The International Baccalaureate likes structure. Starting and constructing a good Extended Essay can seem like a monumental task. So that’s why we have put together the Seven Samurai of Extended Essay writing as a guide to giving your EE structure and flow.
1. The Title Page
There is a right way, and many wrong ways.
- Remember your extended essay title is really a question.
- Put the whole title in the centre of your page about a third of the way down.
- When quoting, place only the exact words of the quotation in quotation marks.
- Try to have an approximately equal number of words in each line.
See this Wrong way right way.
2. The Abstract
This is not an introductory paragraph. An abstract is a short paragraph that summarises your extended essay. The abstract goes at the beginning of the paper, after the title page, and should be about two hundred to five hundred words at the very most. The abstract will let the reader know:
- what the paper is about
- what field you are studying
- what your research question was
- what your paper found or concluded
Finish writing your paper first, then review it, and then write the abstract. One sentence should describe the state of knowledge in the field, one sentence to describe your hypothesis, and one to three sentences will describe the research method and conclusion.
Write your abstract in three paragraphs, each of them of around 100 words.
- Contains the research question and the thesis, and state why your essay is important (not just to get you into uni).
- Contains the key the scope of the investigation, resources, the limits of your research and the scope of the investigation.
- This paragraph summarises your conclusion.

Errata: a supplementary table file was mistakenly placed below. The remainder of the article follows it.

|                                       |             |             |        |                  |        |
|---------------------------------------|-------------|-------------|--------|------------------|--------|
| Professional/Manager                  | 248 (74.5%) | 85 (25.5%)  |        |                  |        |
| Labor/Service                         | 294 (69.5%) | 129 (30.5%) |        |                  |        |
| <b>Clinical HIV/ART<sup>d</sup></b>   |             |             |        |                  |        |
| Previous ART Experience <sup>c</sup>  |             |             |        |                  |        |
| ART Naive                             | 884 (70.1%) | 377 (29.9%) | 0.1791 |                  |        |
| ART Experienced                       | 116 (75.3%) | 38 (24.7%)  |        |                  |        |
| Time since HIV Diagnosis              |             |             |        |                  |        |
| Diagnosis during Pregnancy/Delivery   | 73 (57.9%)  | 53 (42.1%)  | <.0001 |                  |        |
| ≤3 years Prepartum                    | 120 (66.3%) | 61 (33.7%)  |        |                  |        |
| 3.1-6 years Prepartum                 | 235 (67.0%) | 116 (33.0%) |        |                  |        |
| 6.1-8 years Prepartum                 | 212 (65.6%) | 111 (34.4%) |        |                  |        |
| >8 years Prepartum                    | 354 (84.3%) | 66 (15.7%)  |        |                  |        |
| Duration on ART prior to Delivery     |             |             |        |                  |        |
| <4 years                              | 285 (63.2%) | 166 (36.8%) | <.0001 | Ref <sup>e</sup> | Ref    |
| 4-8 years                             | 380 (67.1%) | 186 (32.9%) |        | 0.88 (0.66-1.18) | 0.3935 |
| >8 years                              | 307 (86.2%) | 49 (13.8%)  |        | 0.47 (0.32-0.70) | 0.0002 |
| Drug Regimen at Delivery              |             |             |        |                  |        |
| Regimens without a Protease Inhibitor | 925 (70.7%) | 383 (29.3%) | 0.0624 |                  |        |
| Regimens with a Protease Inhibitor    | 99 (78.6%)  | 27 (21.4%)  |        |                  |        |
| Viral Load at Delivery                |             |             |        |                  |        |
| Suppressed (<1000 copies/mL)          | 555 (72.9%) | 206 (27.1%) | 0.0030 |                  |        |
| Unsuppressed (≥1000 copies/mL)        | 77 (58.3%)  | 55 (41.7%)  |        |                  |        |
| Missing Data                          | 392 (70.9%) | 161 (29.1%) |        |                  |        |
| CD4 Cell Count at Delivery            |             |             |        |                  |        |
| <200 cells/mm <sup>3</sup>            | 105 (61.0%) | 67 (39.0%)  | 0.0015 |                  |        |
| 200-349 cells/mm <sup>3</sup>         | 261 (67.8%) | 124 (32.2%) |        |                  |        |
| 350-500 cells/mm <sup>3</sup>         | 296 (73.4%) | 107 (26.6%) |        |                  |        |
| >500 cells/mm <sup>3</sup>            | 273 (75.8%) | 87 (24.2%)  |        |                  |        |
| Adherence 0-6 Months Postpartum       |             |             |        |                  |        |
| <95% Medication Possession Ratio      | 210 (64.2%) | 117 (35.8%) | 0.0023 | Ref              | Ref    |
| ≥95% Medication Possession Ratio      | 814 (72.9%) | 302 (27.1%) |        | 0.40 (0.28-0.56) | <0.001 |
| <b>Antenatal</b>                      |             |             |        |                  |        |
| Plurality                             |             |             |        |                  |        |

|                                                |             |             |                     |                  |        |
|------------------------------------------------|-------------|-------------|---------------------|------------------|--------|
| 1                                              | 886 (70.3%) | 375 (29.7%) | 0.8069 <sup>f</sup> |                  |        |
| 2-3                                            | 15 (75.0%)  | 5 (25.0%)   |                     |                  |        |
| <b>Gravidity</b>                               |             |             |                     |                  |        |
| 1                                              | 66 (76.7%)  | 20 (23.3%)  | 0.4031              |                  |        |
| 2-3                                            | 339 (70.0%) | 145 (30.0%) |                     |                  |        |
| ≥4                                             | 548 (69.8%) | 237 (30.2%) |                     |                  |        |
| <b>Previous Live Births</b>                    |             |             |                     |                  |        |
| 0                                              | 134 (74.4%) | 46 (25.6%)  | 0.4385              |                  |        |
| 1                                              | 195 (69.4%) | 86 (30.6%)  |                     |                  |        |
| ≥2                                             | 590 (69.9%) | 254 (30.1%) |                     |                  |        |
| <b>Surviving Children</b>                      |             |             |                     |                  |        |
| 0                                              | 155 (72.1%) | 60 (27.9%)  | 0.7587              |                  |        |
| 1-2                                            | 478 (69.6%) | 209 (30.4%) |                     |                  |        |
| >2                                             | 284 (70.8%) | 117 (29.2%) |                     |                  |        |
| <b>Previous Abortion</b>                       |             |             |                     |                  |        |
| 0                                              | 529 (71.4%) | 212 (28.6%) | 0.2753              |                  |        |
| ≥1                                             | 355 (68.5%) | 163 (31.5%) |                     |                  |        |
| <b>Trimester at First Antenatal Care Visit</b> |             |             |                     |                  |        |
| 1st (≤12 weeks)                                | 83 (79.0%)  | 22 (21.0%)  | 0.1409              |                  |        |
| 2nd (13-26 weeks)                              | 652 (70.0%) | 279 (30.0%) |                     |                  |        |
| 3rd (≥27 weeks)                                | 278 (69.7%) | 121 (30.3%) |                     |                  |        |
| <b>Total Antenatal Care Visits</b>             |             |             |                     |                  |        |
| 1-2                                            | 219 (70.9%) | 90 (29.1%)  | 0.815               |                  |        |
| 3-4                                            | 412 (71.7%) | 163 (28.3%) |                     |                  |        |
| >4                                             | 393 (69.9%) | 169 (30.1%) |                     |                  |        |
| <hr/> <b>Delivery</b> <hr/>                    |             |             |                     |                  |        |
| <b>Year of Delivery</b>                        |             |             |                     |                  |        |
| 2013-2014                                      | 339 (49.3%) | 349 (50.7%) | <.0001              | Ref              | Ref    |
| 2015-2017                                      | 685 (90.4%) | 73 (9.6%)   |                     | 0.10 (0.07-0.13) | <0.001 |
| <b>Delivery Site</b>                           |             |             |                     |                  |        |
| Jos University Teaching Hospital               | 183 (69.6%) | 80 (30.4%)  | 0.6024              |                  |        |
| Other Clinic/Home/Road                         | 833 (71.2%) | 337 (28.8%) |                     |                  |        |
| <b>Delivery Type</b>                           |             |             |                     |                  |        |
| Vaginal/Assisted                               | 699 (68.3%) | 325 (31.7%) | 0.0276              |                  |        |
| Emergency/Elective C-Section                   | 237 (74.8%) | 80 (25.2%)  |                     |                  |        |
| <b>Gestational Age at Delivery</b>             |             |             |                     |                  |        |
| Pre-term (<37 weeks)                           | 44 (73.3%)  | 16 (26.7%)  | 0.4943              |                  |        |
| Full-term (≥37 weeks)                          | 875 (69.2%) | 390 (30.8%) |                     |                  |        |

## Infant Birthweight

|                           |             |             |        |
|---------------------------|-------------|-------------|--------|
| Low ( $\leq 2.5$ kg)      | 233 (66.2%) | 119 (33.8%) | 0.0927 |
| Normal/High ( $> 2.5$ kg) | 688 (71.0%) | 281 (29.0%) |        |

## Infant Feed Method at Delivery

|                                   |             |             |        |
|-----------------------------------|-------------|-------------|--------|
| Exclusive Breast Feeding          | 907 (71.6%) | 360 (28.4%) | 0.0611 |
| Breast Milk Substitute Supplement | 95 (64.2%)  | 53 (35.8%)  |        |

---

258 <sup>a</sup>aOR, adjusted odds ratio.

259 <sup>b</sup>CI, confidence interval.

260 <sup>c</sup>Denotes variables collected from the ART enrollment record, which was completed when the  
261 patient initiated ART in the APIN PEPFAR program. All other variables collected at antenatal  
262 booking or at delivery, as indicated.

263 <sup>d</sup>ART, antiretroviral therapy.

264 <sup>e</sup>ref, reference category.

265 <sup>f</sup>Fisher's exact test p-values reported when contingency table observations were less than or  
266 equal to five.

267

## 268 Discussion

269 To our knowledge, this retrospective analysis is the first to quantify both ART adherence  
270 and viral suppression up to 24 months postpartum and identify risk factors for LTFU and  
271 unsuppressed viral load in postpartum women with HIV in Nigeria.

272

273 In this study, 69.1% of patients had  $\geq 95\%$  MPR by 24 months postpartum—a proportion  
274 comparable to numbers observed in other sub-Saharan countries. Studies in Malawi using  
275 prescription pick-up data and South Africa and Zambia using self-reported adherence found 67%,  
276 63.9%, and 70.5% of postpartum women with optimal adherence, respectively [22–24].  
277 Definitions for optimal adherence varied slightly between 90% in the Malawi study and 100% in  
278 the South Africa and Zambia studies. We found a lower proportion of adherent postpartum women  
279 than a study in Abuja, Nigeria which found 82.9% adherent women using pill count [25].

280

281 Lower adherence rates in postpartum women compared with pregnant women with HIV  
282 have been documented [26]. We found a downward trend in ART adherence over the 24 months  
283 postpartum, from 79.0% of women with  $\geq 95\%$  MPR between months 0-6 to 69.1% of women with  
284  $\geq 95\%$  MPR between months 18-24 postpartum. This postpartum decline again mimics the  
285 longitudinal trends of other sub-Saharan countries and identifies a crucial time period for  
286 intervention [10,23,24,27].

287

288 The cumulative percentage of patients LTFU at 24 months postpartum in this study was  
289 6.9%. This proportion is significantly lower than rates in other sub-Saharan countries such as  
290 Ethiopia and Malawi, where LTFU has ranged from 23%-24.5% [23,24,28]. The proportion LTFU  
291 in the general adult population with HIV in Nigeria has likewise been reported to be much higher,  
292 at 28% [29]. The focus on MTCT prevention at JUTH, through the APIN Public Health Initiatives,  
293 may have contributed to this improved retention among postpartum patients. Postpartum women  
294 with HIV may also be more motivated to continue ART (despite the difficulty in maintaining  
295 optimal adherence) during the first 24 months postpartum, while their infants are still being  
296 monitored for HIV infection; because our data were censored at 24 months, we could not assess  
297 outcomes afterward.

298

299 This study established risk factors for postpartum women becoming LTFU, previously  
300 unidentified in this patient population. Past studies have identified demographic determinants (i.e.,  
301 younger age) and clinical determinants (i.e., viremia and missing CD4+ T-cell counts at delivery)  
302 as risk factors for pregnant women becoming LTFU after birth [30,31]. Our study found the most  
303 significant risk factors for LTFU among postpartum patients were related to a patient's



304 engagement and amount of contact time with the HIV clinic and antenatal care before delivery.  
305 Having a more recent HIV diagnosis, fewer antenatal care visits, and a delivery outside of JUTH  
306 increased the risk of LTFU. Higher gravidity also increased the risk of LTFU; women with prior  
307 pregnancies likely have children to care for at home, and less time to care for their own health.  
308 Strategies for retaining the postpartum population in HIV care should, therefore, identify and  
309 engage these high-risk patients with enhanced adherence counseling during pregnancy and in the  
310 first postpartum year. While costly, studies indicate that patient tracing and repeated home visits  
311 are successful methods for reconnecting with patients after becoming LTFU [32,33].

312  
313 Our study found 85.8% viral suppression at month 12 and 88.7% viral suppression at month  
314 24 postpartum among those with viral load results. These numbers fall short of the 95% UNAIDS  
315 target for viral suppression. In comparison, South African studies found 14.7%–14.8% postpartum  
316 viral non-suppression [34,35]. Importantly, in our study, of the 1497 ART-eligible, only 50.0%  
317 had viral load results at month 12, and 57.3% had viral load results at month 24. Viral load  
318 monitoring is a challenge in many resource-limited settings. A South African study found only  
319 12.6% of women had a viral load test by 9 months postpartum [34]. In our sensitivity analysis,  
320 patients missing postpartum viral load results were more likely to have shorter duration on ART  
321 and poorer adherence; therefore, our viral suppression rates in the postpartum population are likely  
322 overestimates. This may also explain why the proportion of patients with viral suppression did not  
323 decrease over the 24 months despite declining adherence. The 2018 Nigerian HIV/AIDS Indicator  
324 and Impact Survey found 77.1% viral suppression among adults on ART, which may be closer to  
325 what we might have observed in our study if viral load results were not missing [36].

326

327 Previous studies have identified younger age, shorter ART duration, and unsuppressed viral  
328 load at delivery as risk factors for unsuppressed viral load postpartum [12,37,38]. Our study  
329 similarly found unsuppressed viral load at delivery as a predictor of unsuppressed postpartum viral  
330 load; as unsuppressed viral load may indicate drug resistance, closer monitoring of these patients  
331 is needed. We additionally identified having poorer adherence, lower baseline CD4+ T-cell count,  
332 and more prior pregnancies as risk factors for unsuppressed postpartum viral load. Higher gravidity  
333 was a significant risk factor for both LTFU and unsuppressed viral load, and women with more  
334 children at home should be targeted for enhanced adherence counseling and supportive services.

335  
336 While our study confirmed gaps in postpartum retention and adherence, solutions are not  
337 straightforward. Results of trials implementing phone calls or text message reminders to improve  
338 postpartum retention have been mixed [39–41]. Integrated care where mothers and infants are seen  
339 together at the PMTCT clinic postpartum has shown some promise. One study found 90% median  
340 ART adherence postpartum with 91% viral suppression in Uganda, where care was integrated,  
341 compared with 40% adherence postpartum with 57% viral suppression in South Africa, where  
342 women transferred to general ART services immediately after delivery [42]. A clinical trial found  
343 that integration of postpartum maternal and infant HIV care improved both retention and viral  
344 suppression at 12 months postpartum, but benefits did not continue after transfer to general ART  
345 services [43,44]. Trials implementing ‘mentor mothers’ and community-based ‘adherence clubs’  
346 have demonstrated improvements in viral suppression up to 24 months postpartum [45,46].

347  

3. The Table of Contents
The table of contents should contain both main headings and sub-headings.
The main headings are
- the research question
- the thesis
- the introduction (and page number)
- the arguments (and the page numbers), (AKA the body)
- the conclusion (and the page number)
- the bibliography page (and the page number)
- an appendix (and the page number)
4. The Introduction
Your introduction sets the scene.
There is an old adage when presenting; tell them what you are going to tell them, tell them, and then tell them what you told them. The introduction is the first part of this.
Tell the reader what the background to your essay is and cite any previous research here. Make sure that you use recognised citation techniques. In biology we tend to use the Name\Year format. For example, when citing a book:
- In the Bibliography: McCormac JS, Kennedy G. 2004. Birds of Ohio. Auburn (WA): Lone Pine. 360 p.
- In the Text: (McCormac and Kennedy 2004)
5. The Body
Now tell them.
Your extended essay body contains an argument. As Michael Palin says in the Monty Python sketch, The Argument,
“An argument is a connected series of statements to establish a definite proposition.”
It is worth testing your essay against this definition.
In the science essay, original research data is needed to support an argument. It is important to present your data in a readable format. Do not have endless measurements, statistics, etc. Instead, use a single graph or table to present your argument.
Taken from Monty Python’s The Flying Circus – Argument Clinic
6. The Conclusion
Now tell them what you told them.
Did you answer your research question? It doesn’t matter if you didn’t, as your conclusion would then say that the evidence does not support the thesis. Pull out the key points in your essay body and restate them here. If, as with many scientific papers, it provokes further lines of research, then state these here.
7. The Bibliography Page
Cite all of your sources in the aforementioned format.
Find out more about our Biology Extended Essay courses with adventure sports taking place this summer.